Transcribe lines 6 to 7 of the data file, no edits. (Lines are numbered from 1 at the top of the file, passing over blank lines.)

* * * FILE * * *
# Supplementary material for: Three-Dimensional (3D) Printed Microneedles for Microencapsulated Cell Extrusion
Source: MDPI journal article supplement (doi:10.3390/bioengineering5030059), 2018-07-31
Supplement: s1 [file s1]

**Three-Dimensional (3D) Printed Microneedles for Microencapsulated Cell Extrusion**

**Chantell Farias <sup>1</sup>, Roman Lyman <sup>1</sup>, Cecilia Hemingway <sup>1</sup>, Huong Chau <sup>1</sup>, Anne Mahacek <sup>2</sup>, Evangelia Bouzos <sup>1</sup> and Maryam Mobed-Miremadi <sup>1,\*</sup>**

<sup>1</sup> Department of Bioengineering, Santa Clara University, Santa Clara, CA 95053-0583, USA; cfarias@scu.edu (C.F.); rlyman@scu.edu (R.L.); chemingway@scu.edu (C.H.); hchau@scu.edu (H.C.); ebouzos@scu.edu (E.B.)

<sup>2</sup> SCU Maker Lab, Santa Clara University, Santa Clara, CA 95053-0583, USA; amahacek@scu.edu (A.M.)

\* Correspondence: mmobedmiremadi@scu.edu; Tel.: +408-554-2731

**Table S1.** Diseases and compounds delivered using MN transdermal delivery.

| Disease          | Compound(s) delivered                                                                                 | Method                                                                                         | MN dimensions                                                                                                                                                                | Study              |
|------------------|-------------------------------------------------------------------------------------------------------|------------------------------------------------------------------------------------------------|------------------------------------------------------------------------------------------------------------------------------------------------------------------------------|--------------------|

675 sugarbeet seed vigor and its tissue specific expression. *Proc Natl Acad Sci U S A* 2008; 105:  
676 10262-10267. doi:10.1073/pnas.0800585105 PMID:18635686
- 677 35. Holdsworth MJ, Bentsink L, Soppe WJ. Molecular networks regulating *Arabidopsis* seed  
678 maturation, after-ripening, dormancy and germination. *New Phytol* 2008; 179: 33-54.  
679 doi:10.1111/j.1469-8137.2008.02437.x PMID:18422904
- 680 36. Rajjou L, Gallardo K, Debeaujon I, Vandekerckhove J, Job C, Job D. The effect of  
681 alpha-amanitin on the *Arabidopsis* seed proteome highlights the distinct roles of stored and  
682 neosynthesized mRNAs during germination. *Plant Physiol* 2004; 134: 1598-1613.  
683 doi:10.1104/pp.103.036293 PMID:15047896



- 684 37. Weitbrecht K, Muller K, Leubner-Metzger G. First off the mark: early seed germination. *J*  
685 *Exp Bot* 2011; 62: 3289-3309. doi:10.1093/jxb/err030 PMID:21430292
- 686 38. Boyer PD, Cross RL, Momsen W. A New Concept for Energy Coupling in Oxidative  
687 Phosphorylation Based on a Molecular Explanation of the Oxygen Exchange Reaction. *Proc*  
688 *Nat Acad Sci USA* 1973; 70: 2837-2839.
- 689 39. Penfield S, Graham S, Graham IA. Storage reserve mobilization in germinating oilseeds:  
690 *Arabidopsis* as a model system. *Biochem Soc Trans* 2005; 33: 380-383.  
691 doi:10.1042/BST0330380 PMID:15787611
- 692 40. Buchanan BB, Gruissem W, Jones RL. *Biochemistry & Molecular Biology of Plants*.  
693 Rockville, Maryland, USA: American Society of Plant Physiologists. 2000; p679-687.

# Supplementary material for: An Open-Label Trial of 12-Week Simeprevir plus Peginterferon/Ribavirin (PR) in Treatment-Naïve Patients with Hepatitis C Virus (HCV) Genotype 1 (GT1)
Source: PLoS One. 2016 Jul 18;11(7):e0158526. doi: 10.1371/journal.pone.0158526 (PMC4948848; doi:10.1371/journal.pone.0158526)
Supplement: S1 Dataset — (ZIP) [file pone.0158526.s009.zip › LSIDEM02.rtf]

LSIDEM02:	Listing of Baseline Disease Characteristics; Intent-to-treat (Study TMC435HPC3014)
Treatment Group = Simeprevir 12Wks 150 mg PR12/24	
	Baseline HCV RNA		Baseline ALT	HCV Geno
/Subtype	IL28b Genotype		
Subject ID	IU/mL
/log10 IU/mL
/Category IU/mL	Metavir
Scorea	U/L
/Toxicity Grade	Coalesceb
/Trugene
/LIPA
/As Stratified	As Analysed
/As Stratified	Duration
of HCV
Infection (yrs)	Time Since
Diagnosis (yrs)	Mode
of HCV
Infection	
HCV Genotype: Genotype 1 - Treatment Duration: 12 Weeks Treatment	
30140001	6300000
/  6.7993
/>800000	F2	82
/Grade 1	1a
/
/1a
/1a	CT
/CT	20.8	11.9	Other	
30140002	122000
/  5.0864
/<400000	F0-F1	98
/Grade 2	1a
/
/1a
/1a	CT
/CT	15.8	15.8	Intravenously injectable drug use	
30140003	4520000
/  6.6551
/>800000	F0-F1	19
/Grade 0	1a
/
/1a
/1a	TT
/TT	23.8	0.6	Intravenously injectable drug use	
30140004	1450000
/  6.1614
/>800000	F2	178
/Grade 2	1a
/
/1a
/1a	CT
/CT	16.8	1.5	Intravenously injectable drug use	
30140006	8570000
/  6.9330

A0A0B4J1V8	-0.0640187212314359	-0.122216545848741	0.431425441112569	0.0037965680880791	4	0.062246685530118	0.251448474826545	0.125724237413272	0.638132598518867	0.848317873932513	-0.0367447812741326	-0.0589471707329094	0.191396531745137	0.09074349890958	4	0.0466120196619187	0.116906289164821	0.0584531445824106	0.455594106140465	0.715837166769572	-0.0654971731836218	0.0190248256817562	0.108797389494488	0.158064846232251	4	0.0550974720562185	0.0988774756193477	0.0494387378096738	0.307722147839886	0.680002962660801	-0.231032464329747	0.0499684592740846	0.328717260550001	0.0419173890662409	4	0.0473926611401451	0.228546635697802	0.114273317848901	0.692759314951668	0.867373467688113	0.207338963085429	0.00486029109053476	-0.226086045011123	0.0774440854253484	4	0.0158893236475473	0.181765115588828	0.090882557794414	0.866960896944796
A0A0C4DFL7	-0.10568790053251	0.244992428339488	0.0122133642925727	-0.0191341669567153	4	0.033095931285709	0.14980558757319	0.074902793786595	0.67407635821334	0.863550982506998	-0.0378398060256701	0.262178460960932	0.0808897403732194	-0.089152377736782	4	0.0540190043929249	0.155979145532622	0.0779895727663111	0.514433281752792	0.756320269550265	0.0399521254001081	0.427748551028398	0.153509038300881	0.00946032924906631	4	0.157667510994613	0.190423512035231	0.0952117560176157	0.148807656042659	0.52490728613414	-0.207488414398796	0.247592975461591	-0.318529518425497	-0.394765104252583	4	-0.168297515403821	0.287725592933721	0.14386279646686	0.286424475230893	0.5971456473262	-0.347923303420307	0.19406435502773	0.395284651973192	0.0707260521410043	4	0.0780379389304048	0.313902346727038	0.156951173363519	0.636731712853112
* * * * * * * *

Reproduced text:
<sup>1</sup> Department of Bioengineering, Santa Clara University, Santa Clara, CA 95053-0583, USA; cfarias@scu.edu (C.F.); rlyman@scu.edu (R.L.); chemingway@scu.edu (C.H.); hchau@scu.edu (H.C.); ebouzos@scu.edu (E.B.)

<sup>2</sup> SCU Maker Lab, Santa Clara University, Santa Clara, CA 95053-0583, USA; amahacek@scu.edu (A.M.)